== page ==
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What parents and students should know about Alabama’s bullying laws; school policies provided

By Tanna M. Friday

Editor

TRUSSVILLE — As children head back to school this month, parents and students need to be aware of bullying – definition, laws, school policies, reporting and how to shut a bully down.

In January of 2014, the Centers for Disease Control and Prevention, the Alabama State Department of Education (ALSDE), and the Health Resources and Services Administration worked with a number of bullying experts across various fields to develop a uniform definition of bullying:

“Bullying is any unwanted aggressive behavior(s) by another youth or group of youths who are not siblings or current dating partners that involves an observed or perceived power imbalance and is repeated multiple times or is highly likely to be repeated. Bullying may inflict harm or distress on the targeted youth including physical, psychological, social, or educational harm.”

Despite various perspectives, the key factors of bullying are violence and harassment. There are also certain dominant themes that are pretty obvious including intent, maliciousness, repetitive aggressive behavior, and the demonstration of power over the target.

Research confirms that victims of school bullying and harassment suffer serious psychological and behavioral outcomes; including but not limited to: lower levels of academic achievement and mental health problems such as anxiety and depression to being at risk for substance abuse to becoming bullies themselves. Many cases of suicide have been linked to school bullying and harassment.

The National Center for Education Statistics (NCES) reported in 2015 that around 21 percent of students ages 12–18 reported being bullied at school during the school year.

The National Center for Education Statistics (NCES) reported in 2015 that “around 21 percent of students ages 12–18 reported being bullied at school during the school year.

Of those students, about 13 percent reported that they were made fun of, called names, or insulted; 12 percent reported being the subject of rumors; five (5) percent reported that they were pushed, shoved, tripped, or spit on; and five (5) percent reported being excluded from activities on purpose.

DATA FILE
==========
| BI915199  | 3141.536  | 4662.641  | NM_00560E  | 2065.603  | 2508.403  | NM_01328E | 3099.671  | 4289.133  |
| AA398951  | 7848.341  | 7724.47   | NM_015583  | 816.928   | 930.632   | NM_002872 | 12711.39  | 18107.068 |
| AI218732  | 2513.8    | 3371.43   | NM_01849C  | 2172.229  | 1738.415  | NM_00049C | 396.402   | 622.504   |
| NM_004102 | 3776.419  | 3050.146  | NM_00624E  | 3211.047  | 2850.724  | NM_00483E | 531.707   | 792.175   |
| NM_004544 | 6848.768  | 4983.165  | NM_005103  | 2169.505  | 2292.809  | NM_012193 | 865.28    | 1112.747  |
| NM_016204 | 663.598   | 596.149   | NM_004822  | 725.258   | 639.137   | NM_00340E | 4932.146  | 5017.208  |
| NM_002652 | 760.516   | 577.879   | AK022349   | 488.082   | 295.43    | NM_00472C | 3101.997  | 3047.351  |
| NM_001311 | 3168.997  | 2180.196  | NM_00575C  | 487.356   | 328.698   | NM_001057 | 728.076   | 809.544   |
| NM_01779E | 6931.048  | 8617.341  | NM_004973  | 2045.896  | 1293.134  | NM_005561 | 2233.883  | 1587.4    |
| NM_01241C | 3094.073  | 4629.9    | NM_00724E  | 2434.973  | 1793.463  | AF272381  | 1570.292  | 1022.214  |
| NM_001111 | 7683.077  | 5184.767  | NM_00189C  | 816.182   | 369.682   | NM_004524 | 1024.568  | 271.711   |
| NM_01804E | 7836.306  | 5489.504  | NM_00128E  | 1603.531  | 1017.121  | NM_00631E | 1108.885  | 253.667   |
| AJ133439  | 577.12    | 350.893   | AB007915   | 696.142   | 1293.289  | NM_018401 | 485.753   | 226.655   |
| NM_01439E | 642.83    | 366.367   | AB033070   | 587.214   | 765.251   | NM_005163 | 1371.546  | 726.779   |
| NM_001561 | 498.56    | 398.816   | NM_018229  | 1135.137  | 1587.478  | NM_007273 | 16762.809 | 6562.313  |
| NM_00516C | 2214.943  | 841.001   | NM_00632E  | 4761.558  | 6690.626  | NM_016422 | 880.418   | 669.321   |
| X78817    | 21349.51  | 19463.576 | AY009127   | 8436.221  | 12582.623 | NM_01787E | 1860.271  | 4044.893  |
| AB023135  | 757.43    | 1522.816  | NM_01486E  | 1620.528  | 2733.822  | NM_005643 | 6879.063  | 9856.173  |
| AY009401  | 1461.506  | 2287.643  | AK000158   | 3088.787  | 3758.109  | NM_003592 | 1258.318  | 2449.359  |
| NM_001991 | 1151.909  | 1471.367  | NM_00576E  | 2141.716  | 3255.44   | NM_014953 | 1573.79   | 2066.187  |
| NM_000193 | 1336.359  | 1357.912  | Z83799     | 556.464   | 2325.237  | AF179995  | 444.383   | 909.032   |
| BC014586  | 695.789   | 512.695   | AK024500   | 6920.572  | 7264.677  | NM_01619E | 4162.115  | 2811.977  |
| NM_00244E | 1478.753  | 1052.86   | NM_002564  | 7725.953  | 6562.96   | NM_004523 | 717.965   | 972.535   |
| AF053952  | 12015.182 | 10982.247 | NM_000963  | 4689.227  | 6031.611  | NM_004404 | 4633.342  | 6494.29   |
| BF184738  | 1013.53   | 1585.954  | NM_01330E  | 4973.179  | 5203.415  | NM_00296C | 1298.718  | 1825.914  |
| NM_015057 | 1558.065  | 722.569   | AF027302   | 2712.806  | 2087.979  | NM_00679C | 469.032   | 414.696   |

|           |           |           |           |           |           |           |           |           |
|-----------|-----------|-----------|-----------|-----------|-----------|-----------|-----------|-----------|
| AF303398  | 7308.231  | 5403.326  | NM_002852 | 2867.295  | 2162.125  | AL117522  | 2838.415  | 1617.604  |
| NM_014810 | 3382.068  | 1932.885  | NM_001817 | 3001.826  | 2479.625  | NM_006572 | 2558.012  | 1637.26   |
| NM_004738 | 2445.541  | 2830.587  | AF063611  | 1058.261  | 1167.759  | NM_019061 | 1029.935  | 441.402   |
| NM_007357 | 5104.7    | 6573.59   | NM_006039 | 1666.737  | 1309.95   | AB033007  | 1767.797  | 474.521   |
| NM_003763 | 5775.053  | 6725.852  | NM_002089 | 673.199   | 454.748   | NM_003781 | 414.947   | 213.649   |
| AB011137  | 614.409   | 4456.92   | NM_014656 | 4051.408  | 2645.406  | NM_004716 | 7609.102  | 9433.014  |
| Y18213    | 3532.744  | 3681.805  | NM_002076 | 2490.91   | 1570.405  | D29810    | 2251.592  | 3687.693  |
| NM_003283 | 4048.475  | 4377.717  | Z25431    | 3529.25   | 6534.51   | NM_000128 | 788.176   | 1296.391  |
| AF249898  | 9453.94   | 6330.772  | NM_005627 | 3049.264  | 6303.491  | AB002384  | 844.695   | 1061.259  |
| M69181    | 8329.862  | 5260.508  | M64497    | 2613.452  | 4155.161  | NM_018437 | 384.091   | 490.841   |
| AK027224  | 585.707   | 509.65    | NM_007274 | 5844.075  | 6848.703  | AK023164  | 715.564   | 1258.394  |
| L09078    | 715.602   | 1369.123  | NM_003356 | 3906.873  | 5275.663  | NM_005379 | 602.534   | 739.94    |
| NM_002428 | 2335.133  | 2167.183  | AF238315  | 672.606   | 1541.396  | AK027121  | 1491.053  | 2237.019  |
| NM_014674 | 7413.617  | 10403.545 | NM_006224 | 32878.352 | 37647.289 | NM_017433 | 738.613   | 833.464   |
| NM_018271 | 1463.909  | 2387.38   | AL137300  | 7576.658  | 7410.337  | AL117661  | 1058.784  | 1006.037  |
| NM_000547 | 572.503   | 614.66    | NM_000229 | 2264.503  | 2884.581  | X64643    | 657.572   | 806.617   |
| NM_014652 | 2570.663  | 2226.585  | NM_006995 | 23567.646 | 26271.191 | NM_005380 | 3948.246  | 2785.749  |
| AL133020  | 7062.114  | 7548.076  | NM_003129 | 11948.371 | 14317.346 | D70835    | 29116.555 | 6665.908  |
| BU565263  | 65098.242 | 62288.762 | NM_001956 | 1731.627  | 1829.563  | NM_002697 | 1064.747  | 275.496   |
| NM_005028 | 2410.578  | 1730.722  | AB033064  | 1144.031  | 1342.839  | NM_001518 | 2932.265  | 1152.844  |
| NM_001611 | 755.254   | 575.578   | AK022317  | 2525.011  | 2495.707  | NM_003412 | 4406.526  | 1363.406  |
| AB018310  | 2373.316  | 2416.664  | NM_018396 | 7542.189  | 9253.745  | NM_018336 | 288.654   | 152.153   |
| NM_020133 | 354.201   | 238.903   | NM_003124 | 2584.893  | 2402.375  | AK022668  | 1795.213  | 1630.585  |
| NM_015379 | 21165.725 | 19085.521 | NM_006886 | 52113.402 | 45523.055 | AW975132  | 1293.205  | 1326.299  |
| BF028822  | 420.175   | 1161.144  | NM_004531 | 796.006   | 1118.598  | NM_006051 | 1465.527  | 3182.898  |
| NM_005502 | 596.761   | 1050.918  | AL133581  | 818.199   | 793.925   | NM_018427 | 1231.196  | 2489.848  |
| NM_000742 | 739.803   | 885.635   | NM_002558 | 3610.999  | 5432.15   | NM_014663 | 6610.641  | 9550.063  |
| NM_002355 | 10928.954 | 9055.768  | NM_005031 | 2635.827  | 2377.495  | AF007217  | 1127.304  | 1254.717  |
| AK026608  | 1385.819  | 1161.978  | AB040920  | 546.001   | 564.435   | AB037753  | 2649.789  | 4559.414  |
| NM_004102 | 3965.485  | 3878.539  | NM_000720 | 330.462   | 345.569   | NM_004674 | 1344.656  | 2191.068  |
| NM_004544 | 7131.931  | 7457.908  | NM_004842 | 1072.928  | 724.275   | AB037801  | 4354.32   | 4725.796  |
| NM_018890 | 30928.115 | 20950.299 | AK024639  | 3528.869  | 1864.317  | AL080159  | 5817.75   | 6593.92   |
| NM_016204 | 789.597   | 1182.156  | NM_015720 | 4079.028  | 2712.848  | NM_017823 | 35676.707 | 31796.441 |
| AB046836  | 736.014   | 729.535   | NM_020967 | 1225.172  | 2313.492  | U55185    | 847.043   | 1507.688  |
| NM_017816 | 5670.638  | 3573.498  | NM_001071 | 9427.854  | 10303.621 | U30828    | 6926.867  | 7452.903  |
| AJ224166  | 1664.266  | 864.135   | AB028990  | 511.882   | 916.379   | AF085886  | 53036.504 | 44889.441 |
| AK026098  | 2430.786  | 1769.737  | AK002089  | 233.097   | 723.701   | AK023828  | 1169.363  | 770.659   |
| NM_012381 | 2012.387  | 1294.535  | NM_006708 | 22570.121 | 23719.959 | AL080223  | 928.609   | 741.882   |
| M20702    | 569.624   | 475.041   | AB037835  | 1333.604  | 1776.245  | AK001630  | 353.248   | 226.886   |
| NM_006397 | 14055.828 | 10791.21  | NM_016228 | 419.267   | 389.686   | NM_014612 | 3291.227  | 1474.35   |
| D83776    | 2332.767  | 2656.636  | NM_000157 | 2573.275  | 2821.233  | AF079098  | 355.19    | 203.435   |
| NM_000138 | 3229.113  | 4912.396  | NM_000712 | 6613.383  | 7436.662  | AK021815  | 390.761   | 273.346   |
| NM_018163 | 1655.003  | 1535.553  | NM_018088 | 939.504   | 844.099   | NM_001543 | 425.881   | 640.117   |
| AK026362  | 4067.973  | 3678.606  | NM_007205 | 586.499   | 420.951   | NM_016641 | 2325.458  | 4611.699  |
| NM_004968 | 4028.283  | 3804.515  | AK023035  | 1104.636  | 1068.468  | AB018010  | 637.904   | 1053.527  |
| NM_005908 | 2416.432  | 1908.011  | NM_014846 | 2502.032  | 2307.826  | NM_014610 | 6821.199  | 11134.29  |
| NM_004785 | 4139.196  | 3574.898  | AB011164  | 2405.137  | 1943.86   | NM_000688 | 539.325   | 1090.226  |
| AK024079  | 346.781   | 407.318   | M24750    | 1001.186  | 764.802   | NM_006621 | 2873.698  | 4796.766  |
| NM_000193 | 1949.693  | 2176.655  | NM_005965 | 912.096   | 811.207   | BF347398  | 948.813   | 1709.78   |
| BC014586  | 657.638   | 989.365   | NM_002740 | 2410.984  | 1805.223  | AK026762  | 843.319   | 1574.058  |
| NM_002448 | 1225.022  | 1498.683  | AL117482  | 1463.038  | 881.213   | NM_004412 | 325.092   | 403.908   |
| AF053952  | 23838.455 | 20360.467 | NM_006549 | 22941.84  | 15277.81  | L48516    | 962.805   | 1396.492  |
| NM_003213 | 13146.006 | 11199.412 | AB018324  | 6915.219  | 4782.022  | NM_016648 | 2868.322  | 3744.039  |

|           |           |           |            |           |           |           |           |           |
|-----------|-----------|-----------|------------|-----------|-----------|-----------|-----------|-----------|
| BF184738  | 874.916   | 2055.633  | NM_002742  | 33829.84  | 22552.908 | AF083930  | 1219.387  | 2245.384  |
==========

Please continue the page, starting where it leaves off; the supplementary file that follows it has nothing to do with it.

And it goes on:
Additionally, four (4) percent of students reported being threatened with harm, three (3) percent reported that others tried to make them do things they did not want to do, and two (2) percent reported that their property was destroyed by others on purpose.”

In 2009, Alabama lawmakers established the Alabama Student Harassment Prevention Act (Act 2009-571, HB 0216), requiring all schools, including each public K-12, public K-12 school, the Alabama Institute for Deaf and Blind, the Alabama High School of Mathematics and Science, and the Alabama School of Fine Arts, to develop policies to encourage students to report and address incidents of harassment, violence, and the threat of violence help with harassment.

The legislative intent was for public schools to adopt policies to prevent the harassment of students, intimidation, violence, and threats of violence in Alabama’s public schools. Additionally, the filling of a complaint of harassment must be in writing and submitted by the affected student, parent or guardian of the affected student, not by an education employee (Act 2009-571, §2).

While one of 49 states to enact anti-harassment laws, Alabama is one of only two states that does not include specific protection from “bullying” in its law. Why the term “bullying” was omitted is unclear.

The act also requires the ALSDE to develop a model policy for local school boards to address student harassment prevention. According to the Alabama School Connection (ASC), two-thirds (88) of Alabama’s 132 school districts had enacted the mandated policy while half (66) of Alabama’s school districts had created the mandated reporting forms. Accountability checks are performed every three years and reported to the state.

The ALSDE also releases the annual “Student Incident Report” (SIR) by school, which is a compilation of numbers of students involved in violations at school, reported online via the SIR system. Any and every incident resulting in an ALSDE-defined disciplinary action must be reported. That includes on-campus, on school-sponsored transportation, and off-campus school-sponsored events if a student is involved. Whether or not all incidents are reported, it is up to local school officials to ensure all actions are reported.